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A groyne (groin in the United States) is a rigid hydraulic structure built from an ocean shore (in coastal engineering) or from a bank (in rivers) that interrupts water flow and limits the movement of sediment.


Groynes are narrow, shore-perpendicular hard structures designed to interrupt longshore sediment transport by trapping a portion of the sediment that would otherwise be transported alongshore. By doing so, groynes help to build and stabilize the beach environment. Groynes are generally solid, durable structures and are considered a hard-engineering protection measure. Groynes are normally built on exposed and moderately exposed sedimentary coastlines to address erosion hazards. They can be constructed from a wide variety of materials including rock armour, concrete, dolos, tetrapods, steel piling and hardwood timber.


Groynes have traditionally been constructed of hardwood timber, but in recent years, those made from rubble rock are more widely used. The rock versions have greater energy dissipation characteristics are more aesthetically pleasing in relation to the surrounding landscape. Groynes are often in fields, which allows longshore drift while retaining a sufficient volume to minimise erosion. The ideal groyne field allows sediment to accumulate and eventually bypass the buried groynes without causing significant down-drift erosion. However, this is rarely achieved due to a lack of data on wave climate and long-shore sediment transport rates (Davis Jr and Fitzgerald 2004).

Environmental Benefits

- Fosters beach widening, which helps maintain an attractive beach environment that is valuable for recreation and tourism. This is particularly the case when applied along with beach nourishment.

Socioeconomic Benefits

- Traps sediment, leading to beach widening, reduced erosion and greater wave energy dissipation.
- Serves as a robust structure (if designed and maintained properly) that can be used for long-term stabilization of coastlines used for societal activities.

Opportunities and Barriers

- They can be combined with a number of other approaches, including beach nourishment and hard engineering measures
- They have been widely applied around the world for many years and consequently there is broad global experience with their design and construction

- Though they effectively trap sediment, using them in conjunction with artificial nourishment only fills the beach area between them and reduces positive impacts on coastlines down-drift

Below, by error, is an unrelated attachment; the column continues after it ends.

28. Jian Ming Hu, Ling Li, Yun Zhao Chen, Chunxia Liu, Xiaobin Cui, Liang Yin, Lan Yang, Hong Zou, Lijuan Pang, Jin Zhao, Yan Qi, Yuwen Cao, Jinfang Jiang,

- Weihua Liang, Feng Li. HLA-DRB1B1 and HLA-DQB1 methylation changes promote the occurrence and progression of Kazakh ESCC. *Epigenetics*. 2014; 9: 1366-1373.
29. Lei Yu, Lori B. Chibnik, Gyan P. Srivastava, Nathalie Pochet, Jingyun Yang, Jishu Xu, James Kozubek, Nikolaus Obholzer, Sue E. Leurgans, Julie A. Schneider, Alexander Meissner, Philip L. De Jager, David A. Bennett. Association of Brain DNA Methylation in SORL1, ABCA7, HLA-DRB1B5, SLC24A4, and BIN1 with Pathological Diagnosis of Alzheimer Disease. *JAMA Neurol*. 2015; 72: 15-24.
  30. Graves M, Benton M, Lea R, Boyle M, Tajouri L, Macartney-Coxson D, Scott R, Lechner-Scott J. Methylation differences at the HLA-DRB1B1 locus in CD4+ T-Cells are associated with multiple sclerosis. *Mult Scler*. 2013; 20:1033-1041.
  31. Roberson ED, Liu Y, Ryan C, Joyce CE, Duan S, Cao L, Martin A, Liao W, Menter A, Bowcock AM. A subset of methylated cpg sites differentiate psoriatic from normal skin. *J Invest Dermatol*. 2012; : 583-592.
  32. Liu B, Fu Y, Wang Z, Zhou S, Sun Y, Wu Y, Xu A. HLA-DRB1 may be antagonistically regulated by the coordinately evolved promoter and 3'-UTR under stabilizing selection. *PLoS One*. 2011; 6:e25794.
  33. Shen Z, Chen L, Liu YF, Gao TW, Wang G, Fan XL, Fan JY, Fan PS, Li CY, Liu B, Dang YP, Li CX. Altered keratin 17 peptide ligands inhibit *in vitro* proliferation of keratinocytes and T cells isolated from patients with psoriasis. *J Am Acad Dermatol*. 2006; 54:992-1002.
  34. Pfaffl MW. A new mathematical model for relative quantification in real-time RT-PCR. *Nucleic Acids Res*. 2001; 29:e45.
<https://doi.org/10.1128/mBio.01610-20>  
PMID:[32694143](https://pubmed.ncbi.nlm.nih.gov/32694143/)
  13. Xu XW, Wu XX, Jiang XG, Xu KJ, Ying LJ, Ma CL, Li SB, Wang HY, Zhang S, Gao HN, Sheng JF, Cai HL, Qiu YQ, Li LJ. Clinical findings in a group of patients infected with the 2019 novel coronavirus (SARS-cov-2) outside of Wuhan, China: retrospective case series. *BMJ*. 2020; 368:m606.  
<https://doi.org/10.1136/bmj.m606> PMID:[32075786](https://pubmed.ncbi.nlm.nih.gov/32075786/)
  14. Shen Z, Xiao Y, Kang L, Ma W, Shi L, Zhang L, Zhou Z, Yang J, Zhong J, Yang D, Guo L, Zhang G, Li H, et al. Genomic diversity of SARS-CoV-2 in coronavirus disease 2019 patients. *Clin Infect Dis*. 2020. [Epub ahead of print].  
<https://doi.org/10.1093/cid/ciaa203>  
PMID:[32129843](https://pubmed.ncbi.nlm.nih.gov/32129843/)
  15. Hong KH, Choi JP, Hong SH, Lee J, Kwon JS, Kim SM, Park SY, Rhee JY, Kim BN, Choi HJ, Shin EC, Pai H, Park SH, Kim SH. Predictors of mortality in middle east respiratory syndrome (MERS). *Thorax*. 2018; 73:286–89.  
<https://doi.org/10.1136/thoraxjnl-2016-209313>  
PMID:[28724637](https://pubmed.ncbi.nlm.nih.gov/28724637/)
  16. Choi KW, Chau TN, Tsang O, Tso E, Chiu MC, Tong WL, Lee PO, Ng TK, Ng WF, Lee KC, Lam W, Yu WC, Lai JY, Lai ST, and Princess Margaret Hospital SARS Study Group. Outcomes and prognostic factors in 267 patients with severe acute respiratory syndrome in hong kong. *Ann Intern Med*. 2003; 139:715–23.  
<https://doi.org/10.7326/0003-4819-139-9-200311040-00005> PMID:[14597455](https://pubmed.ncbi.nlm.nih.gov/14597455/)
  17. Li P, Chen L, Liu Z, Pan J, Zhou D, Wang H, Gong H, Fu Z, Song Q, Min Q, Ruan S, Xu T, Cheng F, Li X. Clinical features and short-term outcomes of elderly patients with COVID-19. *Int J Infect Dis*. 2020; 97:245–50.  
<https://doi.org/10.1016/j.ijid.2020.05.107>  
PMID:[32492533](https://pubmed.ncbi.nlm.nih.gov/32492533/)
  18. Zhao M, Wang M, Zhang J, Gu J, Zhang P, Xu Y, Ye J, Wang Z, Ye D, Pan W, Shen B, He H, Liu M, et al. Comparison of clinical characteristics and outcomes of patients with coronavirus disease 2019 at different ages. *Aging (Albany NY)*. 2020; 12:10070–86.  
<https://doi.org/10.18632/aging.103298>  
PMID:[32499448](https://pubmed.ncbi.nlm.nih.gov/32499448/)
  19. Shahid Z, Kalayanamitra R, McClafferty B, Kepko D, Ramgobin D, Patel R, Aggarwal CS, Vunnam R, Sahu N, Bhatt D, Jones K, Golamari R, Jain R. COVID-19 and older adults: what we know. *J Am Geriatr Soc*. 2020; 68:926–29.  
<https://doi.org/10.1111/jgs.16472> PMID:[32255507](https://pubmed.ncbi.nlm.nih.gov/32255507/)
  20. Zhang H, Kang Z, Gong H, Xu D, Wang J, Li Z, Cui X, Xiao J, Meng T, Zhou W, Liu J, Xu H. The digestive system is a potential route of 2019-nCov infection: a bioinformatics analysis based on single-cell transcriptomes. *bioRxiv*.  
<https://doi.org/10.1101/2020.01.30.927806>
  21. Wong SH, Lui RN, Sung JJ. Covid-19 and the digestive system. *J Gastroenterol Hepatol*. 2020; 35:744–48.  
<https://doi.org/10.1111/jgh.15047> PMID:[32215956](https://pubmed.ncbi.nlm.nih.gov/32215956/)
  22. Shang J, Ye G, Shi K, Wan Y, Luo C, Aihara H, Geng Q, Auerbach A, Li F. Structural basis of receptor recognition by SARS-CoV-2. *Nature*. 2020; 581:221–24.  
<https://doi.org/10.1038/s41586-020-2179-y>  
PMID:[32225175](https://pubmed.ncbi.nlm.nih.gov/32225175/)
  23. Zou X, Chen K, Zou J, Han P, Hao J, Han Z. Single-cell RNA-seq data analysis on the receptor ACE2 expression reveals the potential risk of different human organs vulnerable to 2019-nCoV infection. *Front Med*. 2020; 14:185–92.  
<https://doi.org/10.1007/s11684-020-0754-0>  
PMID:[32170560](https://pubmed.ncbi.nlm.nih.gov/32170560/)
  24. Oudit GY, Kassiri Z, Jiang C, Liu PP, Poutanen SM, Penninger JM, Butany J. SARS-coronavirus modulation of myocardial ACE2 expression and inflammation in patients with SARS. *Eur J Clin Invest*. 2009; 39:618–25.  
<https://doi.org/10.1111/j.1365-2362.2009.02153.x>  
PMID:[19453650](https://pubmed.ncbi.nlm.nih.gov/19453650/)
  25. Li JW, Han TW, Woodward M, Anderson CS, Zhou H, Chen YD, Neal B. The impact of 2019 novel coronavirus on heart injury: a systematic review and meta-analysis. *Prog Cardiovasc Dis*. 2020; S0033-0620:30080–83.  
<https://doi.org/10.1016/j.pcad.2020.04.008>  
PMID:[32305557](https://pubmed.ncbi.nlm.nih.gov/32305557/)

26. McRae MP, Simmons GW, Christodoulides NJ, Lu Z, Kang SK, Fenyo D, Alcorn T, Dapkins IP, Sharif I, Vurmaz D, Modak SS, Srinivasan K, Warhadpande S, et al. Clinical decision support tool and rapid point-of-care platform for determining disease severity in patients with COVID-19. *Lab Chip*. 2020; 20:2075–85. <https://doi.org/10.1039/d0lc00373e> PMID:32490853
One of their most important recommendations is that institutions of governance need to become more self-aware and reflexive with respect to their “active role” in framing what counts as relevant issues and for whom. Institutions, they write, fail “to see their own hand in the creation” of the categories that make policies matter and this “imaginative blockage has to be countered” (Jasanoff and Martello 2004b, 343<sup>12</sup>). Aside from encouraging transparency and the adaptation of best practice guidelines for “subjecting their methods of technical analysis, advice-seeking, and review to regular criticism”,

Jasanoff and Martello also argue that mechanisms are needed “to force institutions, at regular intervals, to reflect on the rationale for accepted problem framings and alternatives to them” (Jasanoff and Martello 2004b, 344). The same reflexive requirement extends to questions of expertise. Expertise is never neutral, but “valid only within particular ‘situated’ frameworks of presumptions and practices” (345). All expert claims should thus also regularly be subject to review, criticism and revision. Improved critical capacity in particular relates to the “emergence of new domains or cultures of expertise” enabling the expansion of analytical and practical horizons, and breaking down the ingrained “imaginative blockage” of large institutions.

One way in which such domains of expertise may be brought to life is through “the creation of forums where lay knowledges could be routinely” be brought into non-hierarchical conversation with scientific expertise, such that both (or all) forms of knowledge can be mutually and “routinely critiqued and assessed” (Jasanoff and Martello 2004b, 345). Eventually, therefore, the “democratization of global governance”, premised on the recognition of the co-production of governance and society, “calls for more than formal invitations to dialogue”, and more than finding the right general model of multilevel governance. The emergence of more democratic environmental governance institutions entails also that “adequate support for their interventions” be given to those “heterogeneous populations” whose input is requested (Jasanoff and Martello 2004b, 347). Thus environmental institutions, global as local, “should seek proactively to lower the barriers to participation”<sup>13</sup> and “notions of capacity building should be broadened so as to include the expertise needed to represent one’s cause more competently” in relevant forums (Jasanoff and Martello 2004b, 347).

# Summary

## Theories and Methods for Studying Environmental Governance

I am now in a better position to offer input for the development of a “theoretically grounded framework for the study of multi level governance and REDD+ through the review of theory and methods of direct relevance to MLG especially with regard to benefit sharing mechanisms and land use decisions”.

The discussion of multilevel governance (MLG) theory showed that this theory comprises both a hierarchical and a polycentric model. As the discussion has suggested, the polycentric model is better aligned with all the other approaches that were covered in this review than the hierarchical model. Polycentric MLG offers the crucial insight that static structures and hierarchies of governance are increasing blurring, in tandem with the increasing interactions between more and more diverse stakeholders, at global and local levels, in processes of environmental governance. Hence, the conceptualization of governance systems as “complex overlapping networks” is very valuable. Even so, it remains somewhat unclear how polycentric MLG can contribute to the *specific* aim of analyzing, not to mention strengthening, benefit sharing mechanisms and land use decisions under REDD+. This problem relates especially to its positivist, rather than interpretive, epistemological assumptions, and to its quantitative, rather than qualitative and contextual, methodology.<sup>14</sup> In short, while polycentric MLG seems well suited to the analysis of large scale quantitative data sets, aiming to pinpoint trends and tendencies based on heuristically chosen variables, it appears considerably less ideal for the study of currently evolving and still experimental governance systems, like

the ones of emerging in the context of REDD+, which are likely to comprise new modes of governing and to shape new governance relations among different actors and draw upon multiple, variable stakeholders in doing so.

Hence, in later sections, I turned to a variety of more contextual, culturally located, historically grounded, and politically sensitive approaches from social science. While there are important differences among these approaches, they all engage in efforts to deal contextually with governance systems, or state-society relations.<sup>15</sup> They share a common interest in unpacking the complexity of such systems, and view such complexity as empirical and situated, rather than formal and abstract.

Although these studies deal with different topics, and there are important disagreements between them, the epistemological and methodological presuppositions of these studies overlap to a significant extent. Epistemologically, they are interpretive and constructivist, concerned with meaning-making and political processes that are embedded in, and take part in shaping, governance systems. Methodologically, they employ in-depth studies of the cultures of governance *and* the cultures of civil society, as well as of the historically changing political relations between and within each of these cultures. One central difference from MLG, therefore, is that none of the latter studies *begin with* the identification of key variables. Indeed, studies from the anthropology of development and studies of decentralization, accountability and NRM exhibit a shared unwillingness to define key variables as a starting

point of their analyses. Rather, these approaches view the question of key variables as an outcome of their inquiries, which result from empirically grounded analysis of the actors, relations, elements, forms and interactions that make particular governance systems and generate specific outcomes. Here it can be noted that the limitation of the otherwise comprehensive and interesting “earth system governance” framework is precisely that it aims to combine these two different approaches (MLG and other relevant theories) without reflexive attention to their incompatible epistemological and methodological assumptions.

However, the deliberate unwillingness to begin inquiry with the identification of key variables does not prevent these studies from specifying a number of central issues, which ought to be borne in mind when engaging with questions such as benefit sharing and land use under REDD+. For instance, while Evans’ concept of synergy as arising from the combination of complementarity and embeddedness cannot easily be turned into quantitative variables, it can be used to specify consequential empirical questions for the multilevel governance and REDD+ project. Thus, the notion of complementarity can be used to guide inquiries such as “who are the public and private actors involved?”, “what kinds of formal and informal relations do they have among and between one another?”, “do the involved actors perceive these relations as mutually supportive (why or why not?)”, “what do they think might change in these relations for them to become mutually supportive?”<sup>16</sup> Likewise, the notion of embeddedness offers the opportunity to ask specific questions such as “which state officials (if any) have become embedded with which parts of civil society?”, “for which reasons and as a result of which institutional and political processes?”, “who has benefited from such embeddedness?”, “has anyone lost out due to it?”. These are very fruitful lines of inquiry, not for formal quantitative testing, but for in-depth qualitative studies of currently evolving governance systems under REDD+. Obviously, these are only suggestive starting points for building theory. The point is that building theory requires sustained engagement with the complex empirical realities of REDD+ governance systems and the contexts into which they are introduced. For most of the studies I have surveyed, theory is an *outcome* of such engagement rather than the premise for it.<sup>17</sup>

- Problems can occur from formation of rip currents adjacent to groynes. This presents a hazard to bathers and other users, and may lead to sediment loss from the coastal system, with it being transported to deep water during storm events (Masselink and Hughes 2003)
- They can negatively impact coastline appearance due to their unnatural, shore perpendicular structures

Implementation considerations*
Technological maturity: 4-5
Initial investment: 3-5
Operational costs: 1-3
Implementation timeframe: 1-3
* This adaptation technology brief includes a general assessment of four dimensions relating to implementation of the technology. It represents an indicative assessment scale of 1-5 as follows:

Technological maturity: 1 - in early stages of research and development, to 5 – fully mature and widely used
Initial investment: 1 – very low cost, to 5 – very high cost investment needed to implement technology
Operational costs: 1 – very low/no cost, to 5 – very high costs of operation and maintenance
Implementation timeframe: 1 – very quick to implement and reach desired capacity, to 5 – significant time investments needed to establish and/or reach full capacity

This assessment is to be used as an indication only and is to be seen as relative to the other technologies included in this guide.
More specific costs and timelines are to be identified as relevant for the specific technology and geography

Sources and further information

  • UNEP-DHI Partnership- Groynes
  • Brampton, A. (2002). ICE Design and Practice Guides: Coastal Defence. London: Thomas Telford.
  • Davis Jr, R.A., Fitzgerald D.M. (2003); Beaches and coasts. Blackwell Publishing.
  • French P.W. (1997). Coastal and Estuarine Management. London: Routledge.
  • Haslett, S.K. (2009). Coastal systems. Routledge.
  • Mangor, K. (2004). Shoreline management guidelines. DHI Water & Environment.
  • Masselink, G., Hughes, M.G. (2003). Introduction to coastal processes and geomorphology. Oxford University Press.
  • Rosendahl Appelquist, L. et al. (2017). The Coastal Hazard Wheel system, available online at
  • Rosendahl Appelquist, L., Balstrøm, T., Halsnæs, K. (2016). Managing climate change hazards in coastal areas - The Coastal Hazard Wheel decision-support system, UNEP.
  • Schwartz, M.L. (2005). Encyclopedia of coastal science, Springer.